Sign up for the email list. Our new email newsletter will have exclusive content we don’t put on the blog. We’ll share tips on great films we’ve recently discovered, we’ll provide some extra filmmaking tips, and you’ll get access to see our films for free. The newsletter is only sent once a month, we never sell or share others’ email addresses, and it’s ad-free. Subscribe!

 

Watch our films: Some folks that visit this site do so because they’re fans of our films. Others visit the site because of the blog. If you’ve not seen our work, or you want to see our films again, or you want to see more of them… we’ve spelled out all the ways to watch.

The easiest and least expensive way is to sign up for the email list. But there are other ways, too. Find out more here.

Must reads: Look to the sidebar on the left. These are a few of the most popular posts on the site. Check them out if you’re new here or if you’ve not read these. The Declaration of Principles was the first post on the blog, and it’s still pretty much as relevant today as it was when it was drafted in November 2005.

 

Resources: If you click on “Resources” (look to the upper left of this page) you’ll see some of the more helpful pages we’ve assembled for filmmakers (and everyone) since beginning the site. Over the coming weeks we’ll be updating and expanding these pages.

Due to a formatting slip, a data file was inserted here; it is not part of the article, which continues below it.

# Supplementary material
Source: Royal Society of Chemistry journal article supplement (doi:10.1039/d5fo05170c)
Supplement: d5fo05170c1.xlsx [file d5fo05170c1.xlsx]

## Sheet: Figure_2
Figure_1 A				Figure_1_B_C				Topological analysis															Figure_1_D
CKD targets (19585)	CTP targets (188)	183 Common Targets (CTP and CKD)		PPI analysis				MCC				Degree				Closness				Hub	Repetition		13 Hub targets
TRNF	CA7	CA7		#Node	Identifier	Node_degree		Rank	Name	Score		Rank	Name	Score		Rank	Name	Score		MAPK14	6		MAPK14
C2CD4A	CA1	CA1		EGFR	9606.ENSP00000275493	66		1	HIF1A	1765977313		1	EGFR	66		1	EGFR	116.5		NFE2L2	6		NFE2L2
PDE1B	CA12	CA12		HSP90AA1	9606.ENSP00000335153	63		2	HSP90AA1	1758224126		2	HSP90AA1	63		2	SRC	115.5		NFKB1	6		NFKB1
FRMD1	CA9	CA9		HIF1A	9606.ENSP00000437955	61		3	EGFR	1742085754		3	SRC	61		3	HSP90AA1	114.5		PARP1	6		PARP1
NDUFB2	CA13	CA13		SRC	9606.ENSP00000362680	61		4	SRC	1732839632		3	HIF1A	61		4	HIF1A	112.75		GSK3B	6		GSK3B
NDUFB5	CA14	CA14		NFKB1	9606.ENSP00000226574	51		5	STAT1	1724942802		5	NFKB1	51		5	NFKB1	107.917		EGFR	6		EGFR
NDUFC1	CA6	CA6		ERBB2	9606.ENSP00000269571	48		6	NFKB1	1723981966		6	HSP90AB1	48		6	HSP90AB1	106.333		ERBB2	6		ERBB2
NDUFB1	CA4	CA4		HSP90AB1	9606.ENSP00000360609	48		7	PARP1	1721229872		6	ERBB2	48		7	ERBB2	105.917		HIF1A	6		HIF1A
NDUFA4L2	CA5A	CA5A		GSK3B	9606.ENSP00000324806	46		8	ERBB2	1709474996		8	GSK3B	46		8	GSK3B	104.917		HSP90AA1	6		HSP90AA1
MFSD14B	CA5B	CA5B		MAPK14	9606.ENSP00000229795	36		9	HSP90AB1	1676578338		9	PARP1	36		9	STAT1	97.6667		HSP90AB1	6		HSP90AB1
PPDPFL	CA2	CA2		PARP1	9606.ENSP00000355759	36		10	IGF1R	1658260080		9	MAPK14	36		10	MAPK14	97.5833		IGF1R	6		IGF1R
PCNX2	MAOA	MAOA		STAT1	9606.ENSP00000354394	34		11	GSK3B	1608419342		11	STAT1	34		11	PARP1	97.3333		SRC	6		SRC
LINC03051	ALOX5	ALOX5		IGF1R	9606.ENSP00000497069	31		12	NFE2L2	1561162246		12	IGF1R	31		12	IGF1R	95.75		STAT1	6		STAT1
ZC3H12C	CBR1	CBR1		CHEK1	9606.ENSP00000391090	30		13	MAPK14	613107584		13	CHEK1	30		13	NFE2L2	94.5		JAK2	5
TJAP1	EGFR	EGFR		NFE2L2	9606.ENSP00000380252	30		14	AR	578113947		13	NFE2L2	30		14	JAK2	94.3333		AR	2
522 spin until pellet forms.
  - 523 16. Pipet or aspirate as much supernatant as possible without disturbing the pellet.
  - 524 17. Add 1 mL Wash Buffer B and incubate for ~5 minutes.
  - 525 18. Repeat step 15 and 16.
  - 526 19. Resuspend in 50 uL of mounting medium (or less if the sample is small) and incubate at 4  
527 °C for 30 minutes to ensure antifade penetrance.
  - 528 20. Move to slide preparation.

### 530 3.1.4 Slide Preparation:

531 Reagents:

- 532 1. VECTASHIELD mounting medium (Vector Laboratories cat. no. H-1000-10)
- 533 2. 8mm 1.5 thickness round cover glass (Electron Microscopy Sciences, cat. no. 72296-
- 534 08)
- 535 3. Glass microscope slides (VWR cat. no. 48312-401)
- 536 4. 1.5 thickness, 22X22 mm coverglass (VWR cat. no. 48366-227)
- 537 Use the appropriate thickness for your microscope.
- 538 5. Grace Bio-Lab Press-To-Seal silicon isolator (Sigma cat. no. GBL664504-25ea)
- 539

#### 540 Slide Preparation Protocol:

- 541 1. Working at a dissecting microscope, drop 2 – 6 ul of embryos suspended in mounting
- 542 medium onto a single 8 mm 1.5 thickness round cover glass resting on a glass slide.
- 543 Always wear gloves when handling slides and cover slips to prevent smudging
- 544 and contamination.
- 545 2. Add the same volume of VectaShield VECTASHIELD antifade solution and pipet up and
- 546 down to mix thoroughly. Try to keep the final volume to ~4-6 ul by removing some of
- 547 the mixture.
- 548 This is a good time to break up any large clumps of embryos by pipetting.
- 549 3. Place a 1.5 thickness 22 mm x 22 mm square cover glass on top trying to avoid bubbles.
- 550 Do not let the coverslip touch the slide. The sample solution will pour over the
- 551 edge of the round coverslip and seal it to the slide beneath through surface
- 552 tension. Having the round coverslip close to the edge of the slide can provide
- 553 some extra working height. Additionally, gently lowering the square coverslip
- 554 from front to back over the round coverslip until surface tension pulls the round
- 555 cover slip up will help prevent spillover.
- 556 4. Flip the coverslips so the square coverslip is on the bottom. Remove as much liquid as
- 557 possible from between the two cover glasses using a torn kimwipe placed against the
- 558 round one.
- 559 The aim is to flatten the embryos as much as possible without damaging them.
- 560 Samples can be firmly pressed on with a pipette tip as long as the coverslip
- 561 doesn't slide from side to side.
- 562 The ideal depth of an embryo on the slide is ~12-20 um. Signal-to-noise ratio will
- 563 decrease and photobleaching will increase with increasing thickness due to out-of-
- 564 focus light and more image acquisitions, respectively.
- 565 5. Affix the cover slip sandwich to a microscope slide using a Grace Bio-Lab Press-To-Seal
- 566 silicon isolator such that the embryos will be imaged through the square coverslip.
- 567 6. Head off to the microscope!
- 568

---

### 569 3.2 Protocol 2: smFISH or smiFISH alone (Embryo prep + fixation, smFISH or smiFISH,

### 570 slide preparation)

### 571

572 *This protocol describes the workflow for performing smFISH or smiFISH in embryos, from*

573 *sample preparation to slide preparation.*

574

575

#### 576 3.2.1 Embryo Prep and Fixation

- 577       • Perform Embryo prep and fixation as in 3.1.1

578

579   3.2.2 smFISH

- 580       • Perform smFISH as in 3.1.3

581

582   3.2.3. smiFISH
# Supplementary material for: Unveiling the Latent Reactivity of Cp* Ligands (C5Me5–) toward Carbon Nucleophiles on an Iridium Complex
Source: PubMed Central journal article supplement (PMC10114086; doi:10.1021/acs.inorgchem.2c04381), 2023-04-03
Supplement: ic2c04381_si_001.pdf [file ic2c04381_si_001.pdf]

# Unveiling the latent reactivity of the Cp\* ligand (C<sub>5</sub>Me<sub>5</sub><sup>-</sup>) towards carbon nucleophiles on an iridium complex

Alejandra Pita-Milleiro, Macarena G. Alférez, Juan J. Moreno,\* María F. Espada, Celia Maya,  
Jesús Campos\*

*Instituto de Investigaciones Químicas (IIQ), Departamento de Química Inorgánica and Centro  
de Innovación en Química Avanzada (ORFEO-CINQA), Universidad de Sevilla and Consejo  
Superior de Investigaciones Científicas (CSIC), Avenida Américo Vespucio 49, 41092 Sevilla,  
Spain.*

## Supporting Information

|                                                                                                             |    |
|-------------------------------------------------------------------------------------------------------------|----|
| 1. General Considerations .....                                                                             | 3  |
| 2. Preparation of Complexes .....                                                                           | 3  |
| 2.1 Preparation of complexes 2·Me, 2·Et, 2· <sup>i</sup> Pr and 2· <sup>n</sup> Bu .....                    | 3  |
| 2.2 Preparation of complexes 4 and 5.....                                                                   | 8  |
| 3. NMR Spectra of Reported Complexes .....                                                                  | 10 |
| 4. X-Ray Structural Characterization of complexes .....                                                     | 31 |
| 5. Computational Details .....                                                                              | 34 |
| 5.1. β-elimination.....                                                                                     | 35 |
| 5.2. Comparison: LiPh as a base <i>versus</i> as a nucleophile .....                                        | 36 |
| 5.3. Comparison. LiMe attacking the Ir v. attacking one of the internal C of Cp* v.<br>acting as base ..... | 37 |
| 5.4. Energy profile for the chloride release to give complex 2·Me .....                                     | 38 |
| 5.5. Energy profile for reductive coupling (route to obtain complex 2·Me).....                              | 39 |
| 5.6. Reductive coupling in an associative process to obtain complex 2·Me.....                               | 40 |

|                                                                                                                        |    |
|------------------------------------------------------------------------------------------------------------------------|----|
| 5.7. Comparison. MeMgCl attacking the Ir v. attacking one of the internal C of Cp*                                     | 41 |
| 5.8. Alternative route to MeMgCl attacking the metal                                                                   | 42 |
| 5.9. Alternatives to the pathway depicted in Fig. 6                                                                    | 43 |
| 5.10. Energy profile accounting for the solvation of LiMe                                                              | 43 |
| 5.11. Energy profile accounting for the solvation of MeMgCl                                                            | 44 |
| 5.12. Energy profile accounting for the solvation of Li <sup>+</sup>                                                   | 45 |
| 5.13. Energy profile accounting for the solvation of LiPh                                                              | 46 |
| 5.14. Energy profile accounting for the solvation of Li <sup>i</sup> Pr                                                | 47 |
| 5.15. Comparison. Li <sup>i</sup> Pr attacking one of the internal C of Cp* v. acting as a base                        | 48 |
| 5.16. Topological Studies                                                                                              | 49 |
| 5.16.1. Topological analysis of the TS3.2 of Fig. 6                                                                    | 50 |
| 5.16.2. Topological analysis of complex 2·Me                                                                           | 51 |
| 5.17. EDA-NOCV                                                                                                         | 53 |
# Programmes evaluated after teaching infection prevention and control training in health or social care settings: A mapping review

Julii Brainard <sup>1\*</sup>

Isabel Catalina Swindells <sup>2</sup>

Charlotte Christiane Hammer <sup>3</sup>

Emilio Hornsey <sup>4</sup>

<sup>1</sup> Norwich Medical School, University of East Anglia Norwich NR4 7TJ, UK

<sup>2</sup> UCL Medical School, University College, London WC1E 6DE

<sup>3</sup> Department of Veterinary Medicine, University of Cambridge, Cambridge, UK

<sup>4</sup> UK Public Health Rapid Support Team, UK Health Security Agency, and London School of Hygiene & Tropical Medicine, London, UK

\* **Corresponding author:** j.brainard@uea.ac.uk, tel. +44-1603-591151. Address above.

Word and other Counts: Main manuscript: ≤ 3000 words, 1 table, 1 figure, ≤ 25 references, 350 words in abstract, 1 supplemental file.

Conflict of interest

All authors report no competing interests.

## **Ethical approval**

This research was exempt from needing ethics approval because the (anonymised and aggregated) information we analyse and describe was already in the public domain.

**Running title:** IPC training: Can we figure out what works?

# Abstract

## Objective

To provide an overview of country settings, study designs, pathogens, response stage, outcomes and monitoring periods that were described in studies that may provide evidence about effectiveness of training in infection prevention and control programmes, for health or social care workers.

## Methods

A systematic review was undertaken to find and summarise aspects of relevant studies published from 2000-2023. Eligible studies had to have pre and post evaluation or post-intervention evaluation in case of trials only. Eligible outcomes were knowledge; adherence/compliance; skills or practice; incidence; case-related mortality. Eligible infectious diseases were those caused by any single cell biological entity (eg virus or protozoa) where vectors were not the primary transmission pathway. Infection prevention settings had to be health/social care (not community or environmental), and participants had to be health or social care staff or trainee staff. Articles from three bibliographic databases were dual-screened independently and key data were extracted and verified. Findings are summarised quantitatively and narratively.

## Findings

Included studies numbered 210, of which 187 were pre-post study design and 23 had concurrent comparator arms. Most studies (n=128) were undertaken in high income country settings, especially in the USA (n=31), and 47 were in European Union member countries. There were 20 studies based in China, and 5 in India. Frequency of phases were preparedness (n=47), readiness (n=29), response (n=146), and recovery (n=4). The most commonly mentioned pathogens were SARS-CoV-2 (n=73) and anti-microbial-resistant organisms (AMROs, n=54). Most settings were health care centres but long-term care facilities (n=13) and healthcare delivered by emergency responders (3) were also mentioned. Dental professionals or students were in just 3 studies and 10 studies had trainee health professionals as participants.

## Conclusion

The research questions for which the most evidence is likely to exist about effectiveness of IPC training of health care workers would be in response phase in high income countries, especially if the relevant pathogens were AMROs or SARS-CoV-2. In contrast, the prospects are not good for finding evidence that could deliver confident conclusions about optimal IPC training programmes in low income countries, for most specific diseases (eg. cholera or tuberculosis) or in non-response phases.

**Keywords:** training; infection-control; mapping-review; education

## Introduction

Submission guidelines: We’ve always received emails from readers wanting us to watch and/or review our films. This has been done pretty much catch-as-catch-can in the past. We finally drew up some ideas about how to do this, as seen in the sidebar on the left. We want to review and put a spotlight on great films more than we’ve been able to recently. This is a way to encourage this. Click on the Submission Guidelines and and let us know if you’ve got a film you want us to watch.

 

What hasn’t changed?

 

Our blog still features all the same stuff that we’ve championed and discussed from the beginning — DIY, regional, and personal filmmaking. We’ve moved it to selfreliantfilm.com/blog, so update your bookmarks.

(If you bookmarked an old page from the blog it should automatically redirect to the new permalink structure, but if you encounter a broken link, let us know!)
 

Finally, one other thing that hasn’t changed: This site is still ad-free.